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The Ministry of Archers by Joy Electric (Review)

The Ministry of Archers feels like a throwback to past Joy Electric efforts like We Are The Music Makers and Five Stars For Failures.
The Ministry of Archers, Joy Electric

I realize that at this point, it’s pretty much impossible for me to talk about Ronnie Martin’s music with even the slightest shred of objectivity. I’ve been a fan of Ronnie Martin for well over a decade, ever since I first heard Dance House Children’s “Sea Breeze” on Blonde Vinyl’s Radioactive Hits compilation. And as I mentioned in my review of Starflyer 59’s Talking Voice vs. Singing Voice, there are certain artists that leave me absolutely compelled to pick up everything they release, and leave me predisposed to find each release, if not brilliant, than at least pretty freakin’ great. Joy Electric is just one such artist.

I haven’t been as vocal in my praise of Joy Electric’s last couple of full-lengths, 2003’s The Tick-Tock Treasury and 2004’s Hello Mannequin (which Martin considers to be one of his best works), despite both albums receiving fairly heavy rotations round these parts. Which leaves me feeling doubly obligated to write something about The Ministry of Archers.

Although there’s always been something to Martin’s music that feels out of step with time — after all, this is a man who, in this day and age of computers and Pro Tools, staunchly avoids such trinkets, instead opting to create his music with nothing more than his breathy vocals, a Moog, and an analog sequencer — The Ministry of Archers feels like a throwback to past Joy Electric efforts like We Are the Music Makers and Five Stars for Failures.

Joy Electric’s music has, ironically enough, had a rather melancholy bent to it, there’s a much darker tone to The Ministry of Archers, similar to those aforementioned discs. Martin employs the same fantastical imagery that he always has, but I don’t think he’s ever written lyrics quite as, well, twisted as “I cannot pretend or try/Watching as your blood bursts inside” (“Become As Murderers”), “Butchered to be left in parts/Disregard, labeled odd/Brain preserved in testing jars, then forgot” (“A Hatchet, A Hatchet”), or the torture imagery of “Rickety Trickery.”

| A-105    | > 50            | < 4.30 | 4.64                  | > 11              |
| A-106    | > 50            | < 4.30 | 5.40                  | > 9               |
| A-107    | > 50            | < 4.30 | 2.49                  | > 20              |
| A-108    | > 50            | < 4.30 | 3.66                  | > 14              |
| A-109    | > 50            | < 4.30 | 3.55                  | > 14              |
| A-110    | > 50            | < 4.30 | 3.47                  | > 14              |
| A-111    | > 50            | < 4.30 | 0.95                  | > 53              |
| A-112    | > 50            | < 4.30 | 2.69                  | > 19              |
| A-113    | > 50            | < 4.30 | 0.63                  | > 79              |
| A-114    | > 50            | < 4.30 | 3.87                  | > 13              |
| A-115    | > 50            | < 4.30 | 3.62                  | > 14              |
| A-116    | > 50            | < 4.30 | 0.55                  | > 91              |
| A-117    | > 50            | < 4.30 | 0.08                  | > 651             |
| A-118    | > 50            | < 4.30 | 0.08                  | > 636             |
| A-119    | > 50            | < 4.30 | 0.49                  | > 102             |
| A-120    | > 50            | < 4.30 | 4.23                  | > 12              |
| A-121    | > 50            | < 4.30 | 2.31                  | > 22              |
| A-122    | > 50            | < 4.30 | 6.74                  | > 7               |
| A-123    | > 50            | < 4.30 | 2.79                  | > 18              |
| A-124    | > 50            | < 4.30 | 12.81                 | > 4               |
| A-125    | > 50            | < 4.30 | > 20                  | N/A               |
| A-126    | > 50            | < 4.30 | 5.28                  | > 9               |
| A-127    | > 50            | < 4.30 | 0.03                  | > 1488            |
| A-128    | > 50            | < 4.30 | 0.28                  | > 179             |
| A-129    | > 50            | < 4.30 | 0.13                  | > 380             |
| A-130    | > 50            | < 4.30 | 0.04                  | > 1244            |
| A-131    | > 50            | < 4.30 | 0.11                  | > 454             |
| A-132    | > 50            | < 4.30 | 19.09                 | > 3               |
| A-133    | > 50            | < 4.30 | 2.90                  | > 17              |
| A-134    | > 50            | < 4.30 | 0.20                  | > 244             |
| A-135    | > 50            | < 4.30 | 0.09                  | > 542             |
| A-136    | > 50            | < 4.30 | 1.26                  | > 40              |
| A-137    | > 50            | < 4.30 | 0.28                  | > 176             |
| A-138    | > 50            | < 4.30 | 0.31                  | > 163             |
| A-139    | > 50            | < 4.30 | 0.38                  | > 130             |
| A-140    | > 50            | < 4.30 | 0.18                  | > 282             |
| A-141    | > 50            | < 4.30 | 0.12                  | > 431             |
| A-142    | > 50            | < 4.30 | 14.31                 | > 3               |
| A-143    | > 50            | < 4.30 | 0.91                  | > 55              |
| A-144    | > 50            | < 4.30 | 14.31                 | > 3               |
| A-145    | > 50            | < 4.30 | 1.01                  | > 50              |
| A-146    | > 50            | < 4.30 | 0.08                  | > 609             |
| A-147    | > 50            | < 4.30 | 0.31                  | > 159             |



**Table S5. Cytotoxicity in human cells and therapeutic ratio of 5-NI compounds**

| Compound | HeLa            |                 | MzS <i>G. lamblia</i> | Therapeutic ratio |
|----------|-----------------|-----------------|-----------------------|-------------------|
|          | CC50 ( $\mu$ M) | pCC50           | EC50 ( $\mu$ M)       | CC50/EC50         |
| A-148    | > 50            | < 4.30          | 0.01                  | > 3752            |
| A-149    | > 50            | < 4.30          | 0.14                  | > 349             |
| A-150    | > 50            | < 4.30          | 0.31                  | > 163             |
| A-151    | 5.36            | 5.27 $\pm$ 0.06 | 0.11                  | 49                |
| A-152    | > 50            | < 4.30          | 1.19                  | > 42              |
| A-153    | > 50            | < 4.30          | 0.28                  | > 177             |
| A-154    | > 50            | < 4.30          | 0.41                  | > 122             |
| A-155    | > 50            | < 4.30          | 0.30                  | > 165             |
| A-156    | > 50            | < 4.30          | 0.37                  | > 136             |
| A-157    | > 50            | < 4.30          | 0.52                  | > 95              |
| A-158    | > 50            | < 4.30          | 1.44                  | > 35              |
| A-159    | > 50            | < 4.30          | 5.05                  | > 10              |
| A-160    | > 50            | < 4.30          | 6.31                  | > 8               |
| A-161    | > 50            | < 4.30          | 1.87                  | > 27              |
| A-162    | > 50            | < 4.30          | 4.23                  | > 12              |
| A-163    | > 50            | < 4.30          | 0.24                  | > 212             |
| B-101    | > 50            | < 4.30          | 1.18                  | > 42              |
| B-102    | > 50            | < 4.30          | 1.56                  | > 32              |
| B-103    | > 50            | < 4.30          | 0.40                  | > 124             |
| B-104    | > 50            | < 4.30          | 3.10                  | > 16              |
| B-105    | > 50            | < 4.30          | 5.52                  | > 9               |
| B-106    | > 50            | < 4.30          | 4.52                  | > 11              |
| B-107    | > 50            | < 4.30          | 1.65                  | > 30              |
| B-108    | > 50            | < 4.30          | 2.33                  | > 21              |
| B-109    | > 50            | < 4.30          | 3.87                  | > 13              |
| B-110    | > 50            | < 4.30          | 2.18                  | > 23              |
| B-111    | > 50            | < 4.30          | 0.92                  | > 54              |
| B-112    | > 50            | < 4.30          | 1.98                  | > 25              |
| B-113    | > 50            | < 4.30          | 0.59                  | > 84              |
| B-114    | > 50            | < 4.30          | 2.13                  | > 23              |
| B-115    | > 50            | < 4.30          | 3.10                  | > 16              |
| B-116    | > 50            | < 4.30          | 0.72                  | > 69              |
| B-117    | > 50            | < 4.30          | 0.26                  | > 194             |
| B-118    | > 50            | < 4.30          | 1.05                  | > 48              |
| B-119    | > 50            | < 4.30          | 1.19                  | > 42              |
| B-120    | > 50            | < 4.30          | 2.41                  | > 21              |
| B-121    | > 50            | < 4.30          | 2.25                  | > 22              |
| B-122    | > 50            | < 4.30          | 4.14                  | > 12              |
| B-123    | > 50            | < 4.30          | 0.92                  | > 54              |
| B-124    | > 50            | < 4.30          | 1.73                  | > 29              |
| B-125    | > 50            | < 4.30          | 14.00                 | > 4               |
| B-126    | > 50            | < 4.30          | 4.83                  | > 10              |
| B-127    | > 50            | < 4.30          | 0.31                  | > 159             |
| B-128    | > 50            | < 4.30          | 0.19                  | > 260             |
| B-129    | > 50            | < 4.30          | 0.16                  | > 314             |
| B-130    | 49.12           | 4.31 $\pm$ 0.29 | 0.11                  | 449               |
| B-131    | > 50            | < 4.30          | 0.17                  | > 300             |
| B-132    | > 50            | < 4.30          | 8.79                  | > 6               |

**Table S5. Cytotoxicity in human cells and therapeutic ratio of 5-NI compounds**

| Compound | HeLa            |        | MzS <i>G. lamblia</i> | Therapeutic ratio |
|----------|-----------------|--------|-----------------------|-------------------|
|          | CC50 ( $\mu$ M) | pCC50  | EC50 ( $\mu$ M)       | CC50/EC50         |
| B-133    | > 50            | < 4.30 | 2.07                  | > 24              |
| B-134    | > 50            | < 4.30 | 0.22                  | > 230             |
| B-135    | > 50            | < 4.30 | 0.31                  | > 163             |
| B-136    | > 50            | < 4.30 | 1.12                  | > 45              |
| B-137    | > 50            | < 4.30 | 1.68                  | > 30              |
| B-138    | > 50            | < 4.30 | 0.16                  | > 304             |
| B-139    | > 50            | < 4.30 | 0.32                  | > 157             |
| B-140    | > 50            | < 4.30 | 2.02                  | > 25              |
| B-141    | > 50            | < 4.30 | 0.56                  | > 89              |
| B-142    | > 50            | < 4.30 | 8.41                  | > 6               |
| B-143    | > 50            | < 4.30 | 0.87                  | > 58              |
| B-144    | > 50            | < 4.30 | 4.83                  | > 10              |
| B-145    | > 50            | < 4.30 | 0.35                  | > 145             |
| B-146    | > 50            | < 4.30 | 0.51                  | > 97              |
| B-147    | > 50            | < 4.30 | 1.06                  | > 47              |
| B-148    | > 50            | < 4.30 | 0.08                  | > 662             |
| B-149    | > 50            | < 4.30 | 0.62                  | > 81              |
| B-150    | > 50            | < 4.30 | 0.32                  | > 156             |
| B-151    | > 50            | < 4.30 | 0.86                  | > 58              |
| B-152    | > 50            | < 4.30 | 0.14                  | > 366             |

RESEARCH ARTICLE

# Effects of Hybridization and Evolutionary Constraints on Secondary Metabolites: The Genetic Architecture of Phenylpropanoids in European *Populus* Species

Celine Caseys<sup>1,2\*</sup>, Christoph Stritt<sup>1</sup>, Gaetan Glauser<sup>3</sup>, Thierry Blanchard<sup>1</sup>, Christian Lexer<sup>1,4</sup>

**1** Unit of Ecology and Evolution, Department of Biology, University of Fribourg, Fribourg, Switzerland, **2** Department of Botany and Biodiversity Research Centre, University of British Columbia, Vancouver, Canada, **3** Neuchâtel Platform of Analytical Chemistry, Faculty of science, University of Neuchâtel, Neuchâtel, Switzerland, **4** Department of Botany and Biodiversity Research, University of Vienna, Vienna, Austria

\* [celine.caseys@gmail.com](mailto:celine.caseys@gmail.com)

Likewise, the sounds Martin uses here feel a bit darker and more abstract, with Martin’s knob twiddlings growing more off-kilter (all of the disc’s solos are played live, adding a spontaneous feel to tracks) and the “beats” packing a bit more of a kick than before; the programming on the title track has an almost industrial feel to it, for example. At times, the synth sounds do get away from Martin, resulting in moments where the song seems to be going nowhere, but rather is lost in a whirl of analog gibberish before the melody kicks back in and gets the song back on track.

But there is always at least one song on every Joy Electric album that proves Ronnie Martin is a pop songwriter of the highest caliber. On The Ministry of Archers, that song would have to be “Quite Quieter Than Spiders,” the clearest throwback to We Are The Music Makers on here. Emerging from a kaleidoscope of analog groans, whistles, and bloops, Martin’s “la la“ s prance across a ping-pong rhythm that sounds half-Autechre in the way it twists and bends electronic signals. “A Hatchet, A Hatchet” might be a close second, with atmospheric bridges providing a temporary relief from driving rhythms that sound like huge metal sheets buckling under their own weight.

However, the disc clocks in at right around 30 minutes. And given that 3 of the songs are instrumentals and segues, the album does contain a fair amount of filler. Martin, as always, has a wealth of ideas on the record, and I find myself wishing that some of them had been fleshed out a bit more, or that some of the most leftfield elements had been reined in here and there. The result might have been a slightly more cohesive disc. But when the album works, as it does on “Quite Quieter Than Spiders” and “A Hatchet, A Hatchet,” well, that’s plenty enough for me.

However, if you find The Ministry of Archers too short, too weird (it’s one of the most experimental Joy Electric albums to date), too dark (but is there a Joy Electric album that isn’t dark in some way?), or too uneven, the good news is that there are at least 3 more Joy Electric releases in the pipeline: 2 EPs that Martin claims will be more “uplifting” a la “The Cobbler” (a true Joy Electric “classic”) and “The Phonograph Plays,” and a new album titled The Memory of Alpha.

Suffice to say, I’ll be getting all of them. After all, it’s Joy Electric. What other reason do I need?

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